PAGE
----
Samson: One of my main roles is to check on the 77 students that are currently sponsored. What I mean by that is I make sure they attend all of their classes and beyond always attending I make sure they are doing well within those classes both academically and in terms of discipline. Secondly, when they are done with exams at the end of each term, I collect all of their grades and send updates back to Kyle & Kelsey Baird and the sponsors in the United States. My other main job is to serve as the Student Pastor and teach them the word of God.This mainly takes place on Sundays when they attend the youth service at Kibera Bible Baptist Church.

TJ: One of the core aspects to the Penda Project is accountability, how do you try to provide this for the students?

Samson: As I said before this is one of the main responsibilities I have and the students need someone to consistently check on them. This is one of the reasons I am employed full time so that I can be there at any point the students may need me. In addition to attending class, all Penda students must attend study hall after school and this one of the times that I can check in and make sure all is going well with them.

TJ: What are some of the biggest challenges the Penda students are facing?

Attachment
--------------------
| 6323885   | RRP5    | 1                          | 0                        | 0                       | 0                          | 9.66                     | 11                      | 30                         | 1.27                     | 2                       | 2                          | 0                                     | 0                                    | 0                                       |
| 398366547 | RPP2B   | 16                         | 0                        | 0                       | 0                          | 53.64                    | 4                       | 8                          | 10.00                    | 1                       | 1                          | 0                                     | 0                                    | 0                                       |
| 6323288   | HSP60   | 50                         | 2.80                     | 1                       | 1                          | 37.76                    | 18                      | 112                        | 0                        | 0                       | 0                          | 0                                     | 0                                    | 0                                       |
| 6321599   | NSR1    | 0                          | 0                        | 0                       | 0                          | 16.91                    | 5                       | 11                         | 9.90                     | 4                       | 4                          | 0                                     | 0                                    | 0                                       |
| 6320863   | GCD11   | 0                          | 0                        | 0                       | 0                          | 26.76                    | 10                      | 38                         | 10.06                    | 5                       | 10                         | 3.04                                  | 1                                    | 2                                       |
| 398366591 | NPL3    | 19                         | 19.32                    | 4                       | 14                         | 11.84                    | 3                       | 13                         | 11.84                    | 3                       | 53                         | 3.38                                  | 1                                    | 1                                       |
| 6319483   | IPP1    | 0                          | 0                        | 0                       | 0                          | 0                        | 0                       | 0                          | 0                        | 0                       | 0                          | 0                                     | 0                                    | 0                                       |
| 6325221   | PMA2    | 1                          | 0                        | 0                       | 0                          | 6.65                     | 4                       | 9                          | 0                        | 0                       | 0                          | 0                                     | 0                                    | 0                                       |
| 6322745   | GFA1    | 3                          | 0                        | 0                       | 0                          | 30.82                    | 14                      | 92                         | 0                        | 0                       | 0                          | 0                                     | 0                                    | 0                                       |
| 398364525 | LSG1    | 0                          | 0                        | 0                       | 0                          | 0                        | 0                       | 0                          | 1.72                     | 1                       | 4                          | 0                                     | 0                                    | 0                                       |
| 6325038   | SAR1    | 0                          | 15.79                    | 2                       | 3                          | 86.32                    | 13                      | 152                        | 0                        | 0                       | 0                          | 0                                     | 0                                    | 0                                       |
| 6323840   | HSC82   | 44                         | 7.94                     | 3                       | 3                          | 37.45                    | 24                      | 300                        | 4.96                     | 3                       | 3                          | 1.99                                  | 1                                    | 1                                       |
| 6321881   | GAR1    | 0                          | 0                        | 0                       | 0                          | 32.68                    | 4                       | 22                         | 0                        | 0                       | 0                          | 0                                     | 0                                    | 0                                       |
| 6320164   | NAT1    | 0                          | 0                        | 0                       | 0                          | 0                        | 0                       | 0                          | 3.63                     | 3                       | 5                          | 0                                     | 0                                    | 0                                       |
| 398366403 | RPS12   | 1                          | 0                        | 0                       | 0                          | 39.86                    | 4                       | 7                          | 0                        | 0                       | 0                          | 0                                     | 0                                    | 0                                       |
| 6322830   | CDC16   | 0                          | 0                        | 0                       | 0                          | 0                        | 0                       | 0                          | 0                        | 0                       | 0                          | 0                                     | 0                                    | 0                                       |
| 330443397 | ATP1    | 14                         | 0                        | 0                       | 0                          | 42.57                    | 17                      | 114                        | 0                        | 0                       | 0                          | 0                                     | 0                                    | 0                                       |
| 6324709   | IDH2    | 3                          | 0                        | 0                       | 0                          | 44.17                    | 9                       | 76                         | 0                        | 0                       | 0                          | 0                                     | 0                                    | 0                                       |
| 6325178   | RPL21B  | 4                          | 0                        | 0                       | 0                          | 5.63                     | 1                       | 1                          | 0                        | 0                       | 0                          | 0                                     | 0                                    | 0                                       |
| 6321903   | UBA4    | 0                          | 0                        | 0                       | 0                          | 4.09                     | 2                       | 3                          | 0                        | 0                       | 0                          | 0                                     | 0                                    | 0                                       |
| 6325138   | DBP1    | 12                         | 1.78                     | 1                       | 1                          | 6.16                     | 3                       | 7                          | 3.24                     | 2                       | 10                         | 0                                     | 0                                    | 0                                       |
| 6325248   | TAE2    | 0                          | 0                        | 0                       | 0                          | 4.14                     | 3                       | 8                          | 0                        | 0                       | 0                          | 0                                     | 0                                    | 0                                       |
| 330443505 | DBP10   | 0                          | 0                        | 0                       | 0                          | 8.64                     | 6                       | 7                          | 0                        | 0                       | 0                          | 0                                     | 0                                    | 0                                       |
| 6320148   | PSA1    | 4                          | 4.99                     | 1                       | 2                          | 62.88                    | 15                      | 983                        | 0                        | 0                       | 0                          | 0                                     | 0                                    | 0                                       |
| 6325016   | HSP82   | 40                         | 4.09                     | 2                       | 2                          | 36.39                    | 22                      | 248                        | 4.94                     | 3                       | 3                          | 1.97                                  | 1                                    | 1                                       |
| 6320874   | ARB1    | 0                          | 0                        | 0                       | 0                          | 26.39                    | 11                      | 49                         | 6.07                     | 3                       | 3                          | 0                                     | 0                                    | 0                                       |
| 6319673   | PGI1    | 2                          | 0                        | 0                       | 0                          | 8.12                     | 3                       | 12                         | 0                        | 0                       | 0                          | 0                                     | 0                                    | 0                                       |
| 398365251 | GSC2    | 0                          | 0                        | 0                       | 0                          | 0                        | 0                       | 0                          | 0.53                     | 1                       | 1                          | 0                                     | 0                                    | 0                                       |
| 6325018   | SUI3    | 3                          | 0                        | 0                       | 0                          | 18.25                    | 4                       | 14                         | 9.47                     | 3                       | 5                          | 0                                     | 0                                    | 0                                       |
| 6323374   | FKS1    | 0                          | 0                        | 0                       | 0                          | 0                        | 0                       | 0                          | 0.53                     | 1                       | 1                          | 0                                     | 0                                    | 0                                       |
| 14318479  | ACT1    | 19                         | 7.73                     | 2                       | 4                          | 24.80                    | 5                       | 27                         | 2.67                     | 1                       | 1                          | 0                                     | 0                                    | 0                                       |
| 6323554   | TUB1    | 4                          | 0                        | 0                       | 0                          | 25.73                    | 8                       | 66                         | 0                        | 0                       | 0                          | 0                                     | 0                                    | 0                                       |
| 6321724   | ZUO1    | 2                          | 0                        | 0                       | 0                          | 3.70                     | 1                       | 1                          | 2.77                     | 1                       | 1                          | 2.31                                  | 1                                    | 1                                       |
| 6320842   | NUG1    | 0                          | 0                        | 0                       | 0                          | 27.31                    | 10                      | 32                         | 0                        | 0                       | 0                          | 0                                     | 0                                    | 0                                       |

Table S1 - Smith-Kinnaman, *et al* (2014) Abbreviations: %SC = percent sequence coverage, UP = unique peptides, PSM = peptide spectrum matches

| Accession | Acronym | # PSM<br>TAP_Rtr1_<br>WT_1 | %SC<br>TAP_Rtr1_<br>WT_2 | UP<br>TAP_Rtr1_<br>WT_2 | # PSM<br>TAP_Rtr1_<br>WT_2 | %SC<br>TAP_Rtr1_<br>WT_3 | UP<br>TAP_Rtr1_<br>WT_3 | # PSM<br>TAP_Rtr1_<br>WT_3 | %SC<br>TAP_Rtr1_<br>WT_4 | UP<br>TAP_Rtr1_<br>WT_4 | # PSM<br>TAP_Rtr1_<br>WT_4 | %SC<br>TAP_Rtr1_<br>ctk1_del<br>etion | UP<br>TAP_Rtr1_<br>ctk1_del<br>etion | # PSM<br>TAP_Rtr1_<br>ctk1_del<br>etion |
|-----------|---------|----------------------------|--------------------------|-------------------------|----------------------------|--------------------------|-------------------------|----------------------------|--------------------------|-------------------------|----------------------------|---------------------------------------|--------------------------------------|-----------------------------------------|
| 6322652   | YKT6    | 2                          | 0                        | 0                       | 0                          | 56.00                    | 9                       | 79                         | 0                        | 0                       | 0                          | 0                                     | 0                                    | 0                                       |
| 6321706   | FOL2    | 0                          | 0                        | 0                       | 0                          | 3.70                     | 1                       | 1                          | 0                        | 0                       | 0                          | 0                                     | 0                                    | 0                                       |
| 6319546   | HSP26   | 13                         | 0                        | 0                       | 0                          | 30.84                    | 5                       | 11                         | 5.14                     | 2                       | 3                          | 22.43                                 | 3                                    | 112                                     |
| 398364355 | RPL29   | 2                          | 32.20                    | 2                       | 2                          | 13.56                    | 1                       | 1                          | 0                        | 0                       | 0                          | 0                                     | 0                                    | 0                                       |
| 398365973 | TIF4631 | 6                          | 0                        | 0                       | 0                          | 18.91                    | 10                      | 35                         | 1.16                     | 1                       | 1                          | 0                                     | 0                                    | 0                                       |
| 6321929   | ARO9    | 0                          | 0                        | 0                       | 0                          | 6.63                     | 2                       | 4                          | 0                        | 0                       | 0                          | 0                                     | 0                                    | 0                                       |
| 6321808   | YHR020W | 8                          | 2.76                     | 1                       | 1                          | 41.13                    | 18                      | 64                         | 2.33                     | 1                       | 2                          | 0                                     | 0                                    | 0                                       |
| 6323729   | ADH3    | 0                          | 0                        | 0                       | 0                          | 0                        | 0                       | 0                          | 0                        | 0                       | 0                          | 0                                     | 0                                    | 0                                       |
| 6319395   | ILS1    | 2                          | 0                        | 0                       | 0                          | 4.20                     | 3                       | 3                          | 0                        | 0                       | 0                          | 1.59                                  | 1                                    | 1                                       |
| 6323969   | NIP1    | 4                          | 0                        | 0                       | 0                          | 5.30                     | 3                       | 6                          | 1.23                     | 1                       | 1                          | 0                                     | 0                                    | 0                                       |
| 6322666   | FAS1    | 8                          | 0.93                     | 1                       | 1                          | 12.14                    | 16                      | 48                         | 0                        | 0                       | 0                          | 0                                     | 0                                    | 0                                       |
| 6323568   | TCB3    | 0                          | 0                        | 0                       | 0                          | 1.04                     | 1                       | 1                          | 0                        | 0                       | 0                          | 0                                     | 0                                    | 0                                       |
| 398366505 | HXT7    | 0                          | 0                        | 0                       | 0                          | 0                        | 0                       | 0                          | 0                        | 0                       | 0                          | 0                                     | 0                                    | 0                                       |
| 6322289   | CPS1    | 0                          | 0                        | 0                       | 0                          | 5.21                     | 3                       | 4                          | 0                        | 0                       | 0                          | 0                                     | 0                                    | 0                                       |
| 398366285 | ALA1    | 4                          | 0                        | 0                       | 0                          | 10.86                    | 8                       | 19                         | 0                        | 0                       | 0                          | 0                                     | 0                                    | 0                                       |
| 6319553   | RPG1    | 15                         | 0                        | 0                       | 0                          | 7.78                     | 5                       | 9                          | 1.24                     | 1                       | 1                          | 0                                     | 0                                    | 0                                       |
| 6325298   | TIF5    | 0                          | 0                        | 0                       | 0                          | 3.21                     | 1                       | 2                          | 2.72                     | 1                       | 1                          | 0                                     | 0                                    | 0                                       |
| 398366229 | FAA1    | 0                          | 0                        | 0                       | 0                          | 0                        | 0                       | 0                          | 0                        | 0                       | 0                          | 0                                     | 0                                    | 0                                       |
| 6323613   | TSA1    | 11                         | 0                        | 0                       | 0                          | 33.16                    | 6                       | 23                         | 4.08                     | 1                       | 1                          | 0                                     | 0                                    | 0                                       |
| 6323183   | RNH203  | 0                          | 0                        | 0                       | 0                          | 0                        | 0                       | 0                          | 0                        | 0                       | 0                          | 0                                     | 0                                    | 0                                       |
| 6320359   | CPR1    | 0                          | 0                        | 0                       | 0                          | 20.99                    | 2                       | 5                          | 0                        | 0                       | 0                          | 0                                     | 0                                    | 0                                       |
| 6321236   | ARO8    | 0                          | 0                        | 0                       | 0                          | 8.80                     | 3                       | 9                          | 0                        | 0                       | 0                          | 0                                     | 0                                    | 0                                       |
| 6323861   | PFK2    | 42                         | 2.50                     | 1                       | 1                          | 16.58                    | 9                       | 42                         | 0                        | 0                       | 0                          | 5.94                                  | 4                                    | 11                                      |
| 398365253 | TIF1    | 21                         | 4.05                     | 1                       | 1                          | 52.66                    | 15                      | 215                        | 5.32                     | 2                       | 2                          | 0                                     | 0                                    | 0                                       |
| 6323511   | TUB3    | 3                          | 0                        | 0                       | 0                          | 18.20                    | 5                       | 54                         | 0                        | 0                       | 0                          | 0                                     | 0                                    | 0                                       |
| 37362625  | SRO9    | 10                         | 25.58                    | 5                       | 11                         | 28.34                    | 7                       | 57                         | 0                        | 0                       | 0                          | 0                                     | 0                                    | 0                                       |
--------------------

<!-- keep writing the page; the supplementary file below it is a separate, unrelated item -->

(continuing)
Samson: One of the biggest challenges is the environment they come from and are currently still living in. In Kibera, a lot of students drop out because they can’t pay school fees after primary school or they don’t qualify to attend. The Penda students are blessed to have their school fees covered but not all of them have qualified to attend boarding school which means they travel to and from Kibera each day to attend classes. When they go home, many people their age have already dropped out and the opportunity to get involved in bad activities like drugs are prevalent. Our boarding students are away for most of the year but still come home between breaks in terms and face these same situations. Also pregnancy is another huge challenge they face - especially the girls who are in day school and in some cases the pregnancy is against their will.